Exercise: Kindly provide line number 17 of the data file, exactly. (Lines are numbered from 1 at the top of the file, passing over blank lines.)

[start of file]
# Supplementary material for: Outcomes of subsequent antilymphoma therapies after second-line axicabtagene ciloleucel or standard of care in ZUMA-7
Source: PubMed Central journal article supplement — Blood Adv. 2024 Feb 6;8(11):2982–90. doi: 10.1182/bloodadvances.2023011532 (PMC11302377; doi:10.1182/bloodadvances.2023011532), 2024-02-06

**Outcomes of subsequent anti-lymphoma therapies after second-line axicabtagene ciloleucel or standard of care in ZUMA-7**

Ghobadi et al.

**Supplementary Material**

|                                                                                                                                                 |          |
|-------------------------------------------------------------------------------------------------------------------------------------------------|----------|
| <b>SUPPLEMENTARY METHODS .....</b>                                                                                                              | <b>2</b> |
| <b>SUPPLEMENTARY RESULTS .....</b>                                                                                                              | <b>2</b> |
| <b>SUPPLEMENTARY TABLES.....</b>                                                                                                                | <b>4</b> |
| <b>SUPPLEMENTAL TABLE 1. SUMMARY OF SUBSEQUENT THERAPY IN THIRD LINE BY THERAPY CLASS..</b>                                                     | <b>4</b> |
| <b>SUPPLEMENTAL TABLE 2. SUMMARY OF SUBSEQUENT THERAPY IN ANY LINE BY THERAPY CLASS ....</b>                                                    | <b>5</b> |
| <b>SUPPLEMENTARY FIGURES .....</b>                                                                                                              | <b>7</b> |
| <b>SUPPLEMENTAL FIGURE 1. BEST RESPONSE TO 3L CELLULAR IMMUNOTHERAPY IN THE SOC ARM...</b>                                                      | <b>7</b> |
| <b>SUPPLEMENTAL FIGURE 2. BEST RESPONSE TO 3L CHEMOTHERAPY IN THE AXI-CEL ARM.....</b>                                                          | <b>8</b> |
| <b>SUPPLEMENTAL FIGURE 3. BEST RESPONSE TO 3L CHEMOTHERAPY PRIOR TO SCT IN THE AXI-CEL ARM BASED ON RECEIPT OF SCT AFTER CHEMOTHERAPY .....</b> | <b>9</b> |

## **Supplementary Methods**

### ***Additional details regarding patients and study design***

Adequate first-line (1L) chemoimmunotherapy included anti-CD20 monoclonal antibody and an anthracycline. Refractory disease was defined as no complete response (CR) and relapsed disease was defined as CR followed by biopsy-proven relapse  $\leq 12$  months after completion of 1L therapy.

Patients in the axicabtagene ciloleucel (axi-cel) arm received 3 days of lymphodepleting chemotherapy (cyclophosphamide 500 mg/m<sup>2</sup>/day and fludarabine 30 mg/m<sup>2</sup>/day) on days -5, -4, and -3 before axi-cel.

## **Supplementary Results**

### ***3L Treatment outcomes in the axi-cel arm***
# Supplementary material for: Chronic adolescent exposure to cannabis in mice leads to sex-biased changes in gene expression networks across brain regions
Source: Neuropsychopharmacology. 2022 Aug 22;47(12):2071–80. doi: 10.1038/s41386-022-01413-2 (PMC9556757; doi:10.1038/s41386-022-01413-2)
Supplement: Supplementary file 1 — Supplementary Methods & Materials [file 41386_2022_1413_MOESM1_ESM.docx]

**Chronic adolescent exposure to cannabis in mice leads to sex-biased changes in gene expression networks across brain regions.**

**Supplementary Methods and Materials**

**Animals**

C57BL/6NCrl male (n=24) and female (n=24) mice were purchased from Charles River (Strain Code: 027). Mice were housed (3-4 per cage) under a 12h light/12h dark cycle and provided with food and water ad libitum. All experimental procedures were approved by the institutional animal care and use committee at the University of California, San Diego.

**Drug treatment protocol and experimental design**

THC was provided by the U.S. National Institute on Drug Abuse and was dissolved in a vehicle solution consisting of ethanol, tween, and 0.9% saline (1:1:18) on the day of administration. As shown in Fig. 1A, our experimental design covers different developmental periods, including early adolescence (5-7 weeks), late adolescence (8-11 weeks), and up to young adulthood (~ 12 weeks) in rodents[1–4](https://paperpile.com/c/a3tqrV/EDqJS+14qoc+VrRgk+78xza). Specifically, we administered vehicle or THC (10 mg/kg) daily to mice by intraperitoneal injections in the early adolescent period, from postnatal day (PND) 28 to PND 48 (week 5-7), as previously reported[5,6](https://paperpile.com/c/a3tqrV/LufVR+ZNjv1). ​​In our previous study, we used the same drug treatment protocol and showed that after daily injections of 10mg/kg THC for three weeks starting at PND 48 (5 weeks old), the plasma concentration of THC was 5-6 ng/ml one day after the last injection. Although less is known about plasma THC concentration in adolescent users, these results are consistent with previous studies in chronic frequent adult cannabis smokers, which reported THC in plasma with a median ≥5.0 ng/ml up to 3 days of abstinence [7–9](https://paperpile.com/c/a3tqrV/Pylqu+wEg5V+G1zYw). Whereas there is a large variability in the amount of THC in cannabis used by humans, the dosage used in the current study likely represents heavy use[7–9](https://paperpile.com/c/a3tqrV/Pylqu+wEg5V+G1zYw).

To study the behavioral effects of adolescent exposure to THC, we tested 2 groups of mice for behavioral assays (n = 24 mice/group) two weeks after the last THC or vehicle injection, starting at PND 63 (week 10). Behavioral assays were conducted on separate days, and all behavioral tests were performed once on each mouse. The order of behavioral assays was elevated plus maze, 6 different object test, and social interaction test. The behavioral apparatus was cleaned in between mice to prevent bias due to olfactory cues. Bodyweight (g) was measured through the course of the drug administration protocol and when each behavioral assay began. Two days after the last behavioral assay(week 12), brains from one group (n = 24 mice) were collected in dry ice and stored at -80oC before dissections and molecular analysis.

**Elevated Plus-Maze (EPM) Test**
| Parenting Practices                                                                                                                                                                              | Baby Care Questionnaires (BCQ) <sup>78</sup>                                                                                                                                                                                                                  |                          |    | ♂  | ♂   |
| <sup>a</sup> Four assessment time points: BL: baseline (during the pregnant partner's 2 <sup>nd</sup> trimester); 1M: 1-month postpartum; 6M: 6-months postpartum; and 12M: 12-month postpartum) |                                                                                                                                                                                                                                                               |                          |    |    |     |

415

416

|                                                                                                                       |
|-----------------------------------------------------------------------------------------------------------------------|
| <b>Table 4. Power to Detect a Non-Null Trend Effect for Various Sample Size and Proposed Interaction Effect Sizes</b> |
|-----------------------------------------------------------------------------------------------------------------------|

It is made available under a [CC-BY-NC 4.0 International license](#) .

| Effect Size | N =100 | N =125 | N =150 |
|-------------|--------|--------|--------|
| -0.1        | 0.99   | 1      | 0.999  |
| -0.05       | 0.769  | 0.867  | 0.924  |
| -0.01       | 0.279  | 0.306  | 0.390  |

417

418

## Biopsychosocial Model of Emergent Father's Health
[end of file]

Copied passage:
## **Supplementary Methods**